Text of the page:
Post-Surgery Radiation in Sarcoma Cancer Patients May Improve Survival

Study evaluates survival in older patients with soft tissue sarcoma.

Older soft tissue sarcoma (STS) cancer patients saw greater benefits after undergoing radiation therapy post-surgery compared with younger patients.

A study published in Anticancer Research gathered data from the Surveillance, Epidemiology, and End Results (SEER) program, to determine whether radiation after surgery improved disease-specific and overall survival in patients with non-metastatic sarcomas.

After factoring in age and cancer subtypes, researchers found that radiation did increase patient survival compared with surgery alone. Those who would most benefit are patients 65 years and older.

“We found that older patients had a survival benefit with radiation, but in younger patients, many of those benefits went away,” said the study principal investigator Robert Canter. “It seems that older patients respond better to the combination of surgery and radiation.”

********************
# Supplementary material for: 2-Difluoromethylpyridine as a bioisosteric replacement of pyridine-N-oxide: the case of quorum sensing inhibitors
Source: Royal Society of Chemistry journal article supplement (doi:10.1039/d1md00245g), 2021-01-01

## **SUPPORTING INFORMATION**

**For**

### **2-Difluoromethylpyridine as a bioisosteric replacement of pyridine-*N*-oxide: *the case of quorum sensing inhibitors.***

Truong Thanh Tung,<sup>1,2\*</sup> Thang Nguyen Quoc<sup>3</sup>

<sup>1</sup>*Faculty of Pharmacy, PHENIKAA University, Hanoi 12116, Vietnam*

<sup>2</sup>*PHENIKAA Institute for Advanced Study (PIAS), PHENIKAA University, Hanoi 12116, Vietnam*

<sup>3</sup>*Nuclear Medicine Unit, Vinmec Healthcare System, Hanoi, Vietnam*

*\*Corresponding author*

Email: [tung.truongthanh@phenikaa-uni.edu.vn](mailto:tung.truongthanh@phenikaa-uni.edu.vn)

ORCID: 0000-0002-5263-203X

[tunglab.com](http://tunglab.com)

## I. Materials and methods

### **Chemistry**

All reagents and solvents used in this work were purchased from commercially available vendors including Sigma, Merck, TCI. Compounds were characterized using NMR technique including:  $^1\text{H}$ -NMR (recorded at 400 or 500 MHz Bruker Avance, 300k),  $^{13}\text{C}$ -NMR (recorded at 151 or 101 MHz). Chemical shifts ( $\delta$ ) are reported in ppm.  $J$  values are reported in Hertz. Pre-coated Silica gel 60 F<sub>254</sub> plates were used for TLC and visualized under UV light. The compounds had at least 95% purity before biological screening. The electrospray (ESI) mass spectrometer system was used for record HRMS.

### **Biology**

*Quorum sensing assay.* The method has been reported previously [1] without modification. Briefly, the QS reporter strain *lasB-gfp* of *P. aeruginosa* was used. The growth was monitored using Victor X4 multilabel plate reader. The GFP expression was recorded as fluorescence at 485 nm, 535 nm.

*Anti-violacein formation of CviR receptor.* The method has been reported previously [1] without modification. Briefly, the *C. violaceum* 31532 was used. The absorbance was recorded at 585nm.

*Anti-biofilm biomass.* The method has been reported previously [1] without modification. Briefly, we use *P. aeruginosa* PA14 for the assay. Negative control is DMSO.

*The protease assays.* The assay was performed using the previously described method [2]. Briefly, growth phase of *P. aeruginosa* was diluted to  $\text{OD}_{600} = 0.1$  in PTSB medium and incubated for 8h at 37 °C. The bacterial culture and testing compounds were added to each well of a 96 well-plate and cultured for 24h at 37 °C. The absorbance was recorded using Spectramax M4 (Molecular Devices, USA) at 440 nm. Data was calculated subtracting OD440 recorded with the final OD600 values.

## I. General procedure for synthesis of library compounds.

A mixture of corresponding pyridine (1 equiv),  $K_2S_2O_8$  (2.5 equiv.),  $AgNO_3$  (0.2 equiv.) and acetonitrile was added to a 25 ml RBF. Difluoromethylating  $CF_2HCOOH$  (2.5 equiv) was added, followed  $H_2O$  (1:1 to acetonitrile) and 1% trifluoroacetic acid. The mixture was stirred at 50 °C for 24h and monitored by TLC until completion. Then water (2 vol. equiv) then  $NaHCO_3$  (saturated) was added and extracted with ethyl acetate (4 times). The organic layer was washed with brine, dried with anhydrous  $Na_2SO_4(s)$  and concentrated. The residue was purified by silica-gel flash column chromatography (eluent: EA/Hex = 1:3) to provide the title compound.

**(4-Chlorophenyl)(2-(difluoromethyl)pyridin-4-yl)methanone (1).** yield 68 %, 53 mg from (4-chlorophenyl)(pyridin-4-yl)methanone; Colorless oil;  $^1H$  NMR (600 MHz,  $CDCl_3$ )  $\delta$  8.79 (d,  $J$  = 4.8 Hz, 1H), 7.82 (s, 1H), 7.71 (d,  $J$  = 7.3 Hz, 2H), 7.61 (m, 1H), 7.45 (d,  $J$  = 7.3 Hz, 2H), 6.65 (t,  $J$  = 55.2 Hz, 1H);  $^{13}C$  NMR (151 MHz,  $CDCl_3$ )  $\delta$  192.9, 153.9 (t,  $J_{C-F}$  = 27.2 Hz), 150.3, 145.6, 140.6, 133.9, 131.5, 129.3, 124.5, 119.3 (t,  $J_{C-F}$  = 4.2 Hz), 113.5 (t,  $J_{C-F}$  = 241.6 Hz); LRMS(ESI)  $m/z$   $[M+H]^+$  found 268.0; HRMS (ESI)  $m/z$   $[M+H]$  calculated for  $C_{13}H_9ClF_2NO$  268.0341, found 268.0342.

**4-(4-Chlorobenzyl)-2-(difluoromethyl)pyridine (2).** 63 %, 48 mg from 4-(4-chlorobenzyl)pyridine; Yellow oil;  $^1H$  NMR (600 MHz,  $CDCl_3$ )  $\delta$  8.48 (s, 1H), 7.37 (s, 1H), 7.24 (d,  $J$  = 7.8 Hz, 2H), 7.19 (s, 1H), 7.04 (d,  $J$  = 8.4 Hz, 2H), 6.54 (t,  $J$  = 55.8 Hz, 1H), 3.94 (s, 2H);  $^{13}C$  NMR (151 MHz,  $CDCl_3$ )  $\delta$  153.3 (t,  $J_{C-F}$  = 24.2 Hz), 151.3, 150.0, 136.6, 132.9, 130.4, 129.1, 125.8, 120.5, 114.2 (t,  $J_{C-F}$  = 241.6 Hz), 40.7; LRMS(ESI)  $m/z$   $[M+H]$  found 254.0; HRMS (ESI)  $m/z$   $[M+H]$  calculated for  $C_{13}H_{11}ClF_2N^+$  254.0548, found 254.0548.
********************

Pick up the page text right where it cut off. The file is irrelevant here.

Typically STS is treated with surgery, however, it has been unclear whether radiation therapy after surgery actually improves survival.

To find the answer, researchers analyzed data from SEER collected between 1990 and 2011. There were 15,380 non-pediatric patients with non-metastatic STS identified, who were treated with only surgery or with radiation and surgery.

The results of the study were somewhat surprising to researchers, revealing significant improvements in overall survival and disease-specific survival in older patients across majority of sarcomas — especially 12 major subtypes that included rhabdomyosarcoma, fibrosarcoma, and synovial sarcoma. Younger patients saw much less benefit from the radiation therapy.

“We were thinking it would be the opposite,” Canter said. “If the benefit is immune-mediated, younger patients should respond better since they have stronger immune systems.”

Although younger patients did not see the same level of benefit from radiation, they still saw better overall and disease-specific survival from STS.

While these findings show promise, investigators said that further research needs to confirm the results and determine the mechanisms that drive these age-related radiotherapy benefits.

“We sometimes don't want to treat older people with radiation because we're worried about the side effects,” Canter said. “However, these results indicate these patients should really be receiving it if they are candidates.”